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organization of ex-drinkers known as Alcoholics Anonymous
last week was rounding out its twelfth year. Taking stock,
it found that it had 35,000 members and 1,200 chapters (including
outposts in Canada and Latin America). It was picking up
new members at the rate of 1,000 a month. In the last few
months, A.A.'s stock among doctors and an estimated 750,000
U.S. alcoholics had climbed fast.
was founded twelve years ago by a still-anonymous Manhattan
stockbroker, known only as Bill, and an alcoholic Akron
doctor. The organization has no officers, no dues, no big
funds (its small Manhattan headquarters last year spent
only $35,000, donated by members). Pledged to help other
alcoholics, members do little proselytizing, help only when
they are called on. Before A.A., all but 5% of alcoholics
were considered hopeless. Of A.A.'s regular members, some
50% never touch a drop after they join; 25% get on the wagon
after one or two slips.
Wind. A.A.'s method (inspired by William James’s
Varieties of Religious Experience) rests on an appeal to
a Higher Power (God, or whatever Force the member prefers)
for strength to resist the compulsion to drink. Founder
Bill, describing his “spiritual awakening,”
said: “I felt lifted up, as though the great clean
wind of a mountaintop blew through and through.” Psychiatrists,
who use much fancier words, describe the process as the
“use of a religious or spiritual force to attack the
fundamental narcissism of the alcoholic.”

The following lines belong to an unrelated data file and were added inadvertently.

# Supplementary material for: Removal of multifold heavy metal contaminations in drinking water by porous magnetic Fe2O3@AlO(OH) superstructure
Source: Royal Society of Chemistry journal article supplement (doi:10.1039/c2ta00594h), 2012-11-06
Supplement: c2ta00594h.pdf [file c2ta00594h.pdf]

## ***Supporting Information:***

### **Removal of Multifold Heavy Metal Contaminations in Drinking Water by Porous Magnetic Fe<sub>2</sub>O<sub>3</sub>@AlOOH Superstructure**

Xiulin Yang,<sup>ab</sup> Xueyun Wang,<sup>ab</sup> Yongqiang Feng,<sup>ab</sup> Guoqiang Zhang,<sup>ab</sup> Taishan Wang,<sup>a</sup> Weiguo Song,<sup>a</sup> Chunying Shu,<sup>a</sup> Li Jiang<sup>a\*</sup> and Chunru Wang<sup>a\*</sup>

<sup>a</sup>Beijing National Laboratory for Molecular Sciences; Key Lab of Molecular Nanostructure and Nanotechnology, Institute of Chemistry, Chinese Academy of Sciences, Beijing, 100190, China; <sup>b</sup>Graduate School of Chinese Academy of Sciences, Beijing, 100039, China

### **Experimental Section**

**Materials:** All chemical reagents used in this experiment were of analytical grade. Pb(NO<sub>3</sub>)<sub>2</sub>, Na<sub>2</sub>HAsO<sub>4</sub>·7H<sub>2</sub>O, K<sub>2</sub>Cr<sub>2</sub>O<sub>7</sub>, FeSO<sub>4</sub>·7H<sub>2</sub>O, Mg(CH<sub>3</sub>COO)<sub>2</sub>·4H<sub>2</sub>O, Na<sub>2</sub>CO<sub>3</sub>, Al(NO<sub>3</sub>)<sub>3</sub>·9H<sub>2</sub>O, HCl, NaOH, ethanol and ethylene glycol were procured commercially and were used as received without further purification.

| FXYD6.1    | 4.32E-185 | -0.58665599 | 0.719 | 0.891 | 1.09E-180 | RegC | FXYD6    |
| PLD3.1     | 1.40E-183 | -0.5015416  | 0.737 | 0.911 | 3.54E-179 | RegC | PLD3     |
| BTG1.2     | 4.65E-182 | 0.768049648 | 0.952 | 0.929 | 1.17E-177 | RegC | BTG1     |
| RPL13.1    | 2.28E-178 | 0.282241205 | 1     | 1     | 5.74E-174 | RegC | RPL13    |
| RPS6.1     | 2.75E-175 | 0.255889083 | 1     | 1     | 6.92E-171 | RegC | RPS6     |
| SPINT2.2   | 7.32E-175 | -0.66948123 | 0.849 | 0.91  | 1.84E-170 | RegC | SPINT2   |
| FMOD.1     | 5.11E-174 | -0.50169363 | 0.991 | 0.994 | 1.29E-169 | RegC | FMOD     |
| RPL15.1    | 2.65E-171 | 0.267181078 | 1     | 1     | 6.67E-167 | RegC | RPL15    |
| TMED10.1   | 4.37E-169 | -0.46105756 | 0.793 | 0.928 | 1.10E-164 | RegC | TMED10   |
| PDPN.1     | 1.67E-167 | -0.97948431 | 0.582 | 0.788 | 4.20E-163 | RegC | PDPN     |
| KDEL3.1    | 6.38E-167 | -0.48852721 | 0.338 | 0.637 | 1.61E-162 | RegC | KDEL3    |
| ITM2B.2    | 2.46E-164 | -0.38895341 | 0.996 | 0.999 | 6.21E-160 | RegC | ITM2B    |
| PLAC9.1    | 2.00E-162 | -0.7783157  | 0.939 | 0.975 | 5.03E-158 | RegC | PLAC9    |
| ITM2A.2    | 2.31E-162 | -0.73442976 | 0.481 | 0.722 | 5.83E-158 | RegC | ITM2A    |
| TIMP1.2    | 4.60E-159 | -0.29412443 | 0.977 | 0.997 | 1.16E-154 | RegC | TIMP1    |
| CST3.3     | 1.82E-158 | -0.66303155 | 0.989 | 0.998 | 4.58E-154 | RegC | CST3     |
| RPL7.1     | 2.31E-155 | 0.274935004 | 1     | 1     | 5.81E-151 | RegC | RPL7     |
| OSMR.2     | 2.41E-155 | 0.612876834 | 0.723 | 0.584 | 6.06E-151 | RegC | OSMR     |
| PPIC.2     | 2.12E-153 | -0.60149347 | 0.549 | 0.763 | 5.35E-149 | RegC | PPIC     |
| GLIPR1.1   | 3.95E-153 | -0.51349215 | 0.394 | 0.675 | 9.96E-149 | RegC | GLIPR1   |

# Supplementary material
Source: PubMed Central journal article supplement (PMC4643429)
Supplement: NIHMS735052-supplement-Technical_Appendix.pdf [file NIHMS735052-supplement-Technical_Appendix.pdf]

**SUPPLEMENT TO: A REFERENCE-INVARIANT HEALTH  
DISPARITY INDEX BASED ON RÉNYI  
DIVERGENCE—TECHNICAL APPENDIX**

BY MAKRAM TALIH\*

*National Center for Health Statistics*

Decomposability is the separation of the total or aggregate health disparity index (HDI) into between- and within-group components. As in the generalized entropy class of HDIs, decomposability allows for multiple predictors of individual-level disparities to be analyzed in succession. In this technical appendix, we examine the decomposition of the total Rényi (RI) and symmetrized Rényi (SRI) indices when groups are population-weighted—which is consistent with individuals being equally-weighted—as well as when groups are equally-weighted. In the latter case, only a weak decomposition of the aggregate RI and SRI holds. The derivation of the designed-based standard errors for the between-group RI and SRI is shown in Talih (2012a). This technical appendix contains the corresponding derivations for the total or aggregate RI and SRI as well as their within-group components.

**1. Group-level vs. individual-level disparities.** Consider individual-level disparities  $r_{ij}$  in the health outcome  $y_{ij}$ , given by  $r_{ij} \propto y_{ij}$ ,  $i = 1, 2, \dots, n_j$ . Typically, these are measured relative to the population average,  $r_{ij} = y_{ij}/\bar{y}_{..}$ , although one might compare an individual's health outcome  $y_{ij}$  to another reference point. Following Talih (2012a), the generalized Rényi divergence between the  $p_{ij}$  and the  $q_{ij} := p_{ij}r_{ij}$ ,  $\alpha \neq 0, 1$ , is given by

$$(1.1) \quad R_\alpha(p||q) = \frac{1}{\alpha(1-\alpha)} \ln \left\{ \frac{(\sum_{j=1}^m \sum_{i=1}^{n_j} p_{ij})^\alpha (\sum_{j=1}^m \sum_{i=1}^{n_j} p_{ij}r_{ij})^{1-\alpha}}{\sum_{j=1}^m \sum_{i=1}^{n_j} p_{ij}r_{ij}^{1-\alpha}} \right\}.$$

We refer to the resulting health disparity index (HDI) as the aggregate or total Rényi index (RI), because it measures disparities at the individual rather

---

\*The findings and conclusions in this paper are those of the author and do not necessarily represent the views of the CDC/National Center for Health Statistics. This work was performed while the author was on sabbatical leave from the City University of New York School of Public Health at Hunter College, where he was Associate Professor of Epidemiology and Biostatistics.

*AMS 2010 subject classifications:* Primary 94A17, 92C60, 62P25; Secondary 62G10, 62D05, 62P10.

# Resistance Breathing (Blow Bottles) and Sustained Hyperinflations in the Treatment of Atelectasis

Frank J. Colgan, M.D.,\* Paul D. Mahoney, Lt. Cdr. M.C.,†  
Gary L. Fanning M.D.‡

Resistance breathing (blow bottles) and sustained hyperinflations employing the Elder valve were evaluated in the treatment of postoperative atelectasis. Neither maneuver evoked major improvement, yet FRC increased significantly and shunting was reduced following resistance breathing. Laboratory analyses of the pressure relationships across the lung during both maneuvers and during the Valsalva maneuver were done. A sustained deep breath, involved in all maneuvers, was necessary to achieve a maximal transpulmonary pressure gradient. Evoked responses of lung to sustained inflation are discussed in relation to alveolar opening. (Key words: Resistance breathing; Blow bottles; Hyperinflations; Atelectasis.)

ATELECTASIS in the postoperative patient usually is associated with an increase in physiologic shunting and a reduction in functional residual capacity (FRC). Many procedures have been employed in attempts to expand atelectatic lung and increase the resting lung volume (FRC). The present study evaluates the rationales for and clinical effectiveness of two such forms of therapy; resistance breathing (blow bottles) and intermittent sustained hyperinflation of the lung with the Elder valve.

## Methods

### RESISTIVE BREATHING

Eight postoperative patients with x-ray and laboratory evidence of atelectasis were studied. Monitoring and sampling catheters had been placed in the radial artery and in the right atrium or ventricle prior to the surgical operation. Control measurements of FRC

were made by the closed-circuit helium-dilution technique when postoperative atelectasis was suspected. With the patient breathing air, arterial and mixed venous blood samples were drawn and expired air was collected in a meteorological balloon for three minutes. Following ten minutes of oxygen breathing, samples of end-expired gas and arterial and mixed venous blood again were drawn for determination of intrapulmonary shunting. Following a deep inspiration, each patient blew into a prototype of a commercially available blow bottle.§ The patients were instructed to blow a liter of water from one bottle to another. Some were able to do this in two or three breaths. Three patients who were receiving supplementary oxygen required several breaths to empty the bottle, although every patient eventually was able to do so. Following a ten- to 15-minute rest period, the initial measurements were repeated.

A.A. member’s self-treatment has twelve well-defined
steps. Among other things, he must admit that he cannot
take it or leave it; he has got to quit cold. Members are
ready, day or
night, to answer a desperate call for help from a backsliding
member. Secret of the A.A. help: fellow alcoholics do not
scold nor misunderstand an alcoholic who wants to quit;
they know exactly what hurdles he has to be helped over.
to Talk. One of A.A.'s worries is preserving its
members’ anonymity. Members have a marked tendency
to gossip and declare themselves. A.A. insists on anonymity
as a reassurance to prospective members. Women members (who
comprise about a third of AA.) are another problem. A large
proportion of women alcoholics drop out after a few months.
As every Alcoholics Anonymous knows, “twelfth-step
work” (helping other alcoholics) is one of the most
important single factors in keeping members on the wagon.
No cure, the A.A. method is effective only as long as a
member keeps it up. An A.A. member is in for life. Those
who quit usually go back to the bottle.
Time, February 26, 1947)